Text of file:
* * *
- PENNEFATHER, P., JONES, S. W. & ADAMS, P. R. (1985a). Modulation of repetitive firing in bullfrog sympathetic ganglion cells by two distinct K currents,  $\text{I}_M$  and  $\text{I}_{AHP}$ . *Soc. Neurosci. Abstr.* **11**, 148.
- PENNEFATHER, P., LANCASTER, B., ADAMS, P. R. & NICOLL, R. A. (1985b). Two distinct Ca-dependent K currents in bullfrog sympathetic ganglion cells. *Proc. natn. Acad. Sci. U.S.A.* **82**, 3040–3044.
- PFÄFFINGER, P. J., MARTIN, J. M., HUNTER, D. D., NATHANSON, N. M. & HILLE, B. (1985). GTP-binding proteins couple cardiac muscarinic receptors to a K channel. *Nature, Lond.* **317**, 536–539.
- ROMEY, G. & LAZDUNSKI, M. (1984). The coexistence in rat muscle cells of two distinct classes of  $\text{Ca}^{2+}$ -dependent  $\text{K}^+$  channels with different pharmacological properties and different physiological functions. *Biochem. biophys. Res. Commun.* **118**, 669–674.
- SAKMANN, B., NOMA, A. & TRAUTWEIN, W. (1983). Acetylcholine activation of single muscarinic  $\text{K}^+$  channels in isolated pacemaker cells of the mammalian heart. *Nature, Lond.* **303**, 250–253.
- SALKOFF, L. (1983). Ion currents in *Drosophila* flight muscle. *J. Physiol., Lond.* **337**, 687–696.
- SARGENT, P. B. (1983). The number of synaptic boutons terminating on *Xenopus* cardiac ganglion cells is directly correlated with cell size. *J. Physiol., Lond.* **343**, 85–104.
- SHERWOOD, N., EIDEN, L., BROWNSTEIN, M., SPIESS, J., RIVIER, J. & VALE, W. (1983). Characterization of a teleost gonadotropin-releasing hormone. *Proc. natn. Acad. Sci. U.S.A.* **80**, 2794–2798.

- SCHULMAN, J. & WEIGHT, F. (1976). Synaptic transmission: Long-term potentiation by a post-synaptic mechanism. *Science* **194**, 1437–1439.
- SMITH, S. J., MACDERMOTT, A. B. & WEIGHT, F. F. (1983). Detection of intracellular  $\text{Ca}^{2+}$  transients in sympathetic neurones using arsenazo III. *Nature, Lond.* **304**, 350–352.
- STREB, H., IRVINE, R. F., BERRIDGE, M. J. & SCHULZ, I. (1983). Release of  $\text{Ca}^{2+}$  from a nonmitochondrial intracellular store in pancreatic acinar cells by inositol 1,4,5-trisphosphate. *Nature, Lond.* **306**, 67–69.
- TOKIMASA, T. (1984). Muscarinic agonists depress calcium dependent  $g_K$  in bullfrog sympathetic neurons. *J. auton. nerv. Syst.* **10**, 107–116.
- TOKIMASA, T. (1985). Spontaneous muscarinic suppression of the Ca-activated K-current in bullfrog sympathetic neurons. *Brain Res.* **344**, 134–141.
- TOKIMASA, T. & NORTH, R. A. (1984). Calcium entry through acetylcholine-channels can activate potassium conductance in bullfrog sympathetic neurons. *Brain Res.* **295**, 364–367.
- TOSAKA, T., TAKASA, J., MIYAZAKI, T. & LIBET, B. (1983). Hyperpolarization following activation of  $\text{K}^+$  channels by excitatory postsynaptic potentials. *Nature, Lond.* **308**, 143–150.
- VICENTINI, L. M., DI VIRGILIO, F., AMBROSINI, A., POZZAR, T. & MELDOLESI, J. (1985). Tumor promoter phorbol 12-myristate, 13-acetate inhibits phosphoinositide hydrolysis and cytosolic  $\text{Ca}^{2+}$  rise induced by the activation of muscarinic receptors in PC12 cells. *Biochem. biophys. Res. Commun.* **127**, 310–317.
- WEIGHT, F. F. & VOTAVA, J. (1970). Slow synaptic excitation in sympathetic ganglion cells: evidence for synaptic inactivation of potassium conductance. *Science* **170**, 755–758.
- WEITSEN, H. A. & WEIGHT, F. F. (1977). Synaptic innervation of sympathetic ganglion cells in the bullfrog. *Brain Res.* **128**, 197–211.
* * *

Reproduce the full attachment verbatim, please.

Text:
- PENNEFATHER, P., JONES, S. W. & ADAMS, P. R. (1985a). Modulation of repetitive firing in bullfrog sympathetic ganglion cells by two distinct K currents,  $\text{I}_M$  and  $\text{I}_{AHP}$ . *Soc. Neurosci. Abstr.* **11**, 148.
- PENNEFATHER, P., LANCASTER, B., ADAMS, P. R. & NICOLL, R. A. (1985b). Two distinct Ca-dependent K currents in bullfrog sympathetic ganglion cells. *Proc. natn. Acad. Sci. U.S.A.* **82**, 3040–3044.
- PFÄFFINGER, P. J., MARTIN, J. M., HUNTER, D. D., NATHANSON, N. M. & HILLE, B. (1985). GTP-binding proteins couple cardiac muscarinic receptors to a K channel. *Nature, Lond.* **317**, 536–539.
- ROMEY, G. & LAZDUNSKI, M. (1984). The coexistence in rat muscle cells of two distinct classes of  $\text{Ca}^{2+}$ -dependent  $\text{K}^+$  channels with different pharmacological properties and different physiological functions. *Biochem. biophys. Res. Commun.* **118**, 669–674.
- SAKMANN, B., NOMA, A. & TRAUTWEIN, W. (1983). Acetylcholine activation of single muscarinic  $\text{K}^+$  channels in isolated pacemaker cells of the mammalian heart. *Nature, Lond.* **303**, 250–253.
- SALKOFF, L. (1983). Ion currents in *Drosophila* flight muscle. *J. Physiol., Lond.* **337**, 687–696.
- SARGENT, P. B. (1983). The number of synaptic boutons terminating on *Xenopus* cardiac ganglion cells is directly correlated with cell size. *J. Physiol., Lond.* **343**, 85–104.
- SHERWOOD, N., EIDEN, L., BROWNSTEIN, M., SPIESS, J., RIVIER, J. & VALE, W. (1983). Characterization of a teleost gonadotropin-releasing hormone. *Proc. natn. Acad. Sci. U.S.A.* **80**, 2794–2798.

- SCHULMAN, J. & WEIGHT, F. (1976). Synaptic transmission: Long-term potentiation by a post-synaptic mechanism. *Science* **194**, 1437–1439.
- SMITH, S. J., MACDERMOTT, A. B. & WEIGHT, F. F. (1983). Detection of intracellular  $\text{Ca}^{2+}$  transients in sympathetic neurones using arsenazo III. *Nature, Lond.* **304**, 350–352.
- STREB, H., IRVINE, R. F., BERRIDGE, M. J. & SCHULZ, I. (1983). Release of  $\text{Ca}^{2+}$  from a nonmitochondrial intracellular store in pancreatic acinar cells by inositol 1,4,5-trisphosphate. *Nature, Lond.* **306**, 67–69.
- TOKIMASA, T. (1984). Muscarinic agonists depress calcium dependent  $g_K$  in bullfrog sympathetic neurons. *J. auton. nerv. Syst.* **10**, 107–116.
- TOKIMASA, T. (1985). Spontaneous muscarinic suppression of the Ca-activated K-current in bullfrog sympathetic neurons. *Brain Res.* **344**, 134–141.
- TOKIMASA, T. & NORTH, R. A. (1984). Calcium entry through acetylcholine-channels can activate potassium conductance in bullfrog sympathetic neurons. *Brain Res.* **295**, 364–367.
- TOSAKA, T., TAKASA, J., MIYAZAKI, T. & LIBET, B. (1983). Hyperpolarization following activation of  $\text{K}^+$  channels by excitatory postsynaptic potentials. *Nature, Lond.* **308**, 143–150.
- VICENTINI, L. M., DI VIRGILIO, F., AMBROSINI, A., POZZAR, T. & MELDOLESI, J. (1985). Tumor promoter phorbol 12-myristate, 13-acetate inhibits phosphoinositide hydrolysis and cytosolic  $\text{Ca}^{2+}$  rise induced by the activation of muscarinic receptors in PC12 cells. *Biochem. biophys. Res. Commun.* **127**, 310–317.
- WEIGHT, F. F. & VOTAVA, J. (1970). Slow synaptic excitation in sympathetic ganglion cells: evidence for synaptic inactivation of potassium conductance. *Science* **170**, 755–758.
- WEITSEN, H. A. & WEIGHT, F. F. (1977). Synaptic innervation of sympathetic ganglion cells in the bullfrog. *Brain Res.* **128**, 197–211.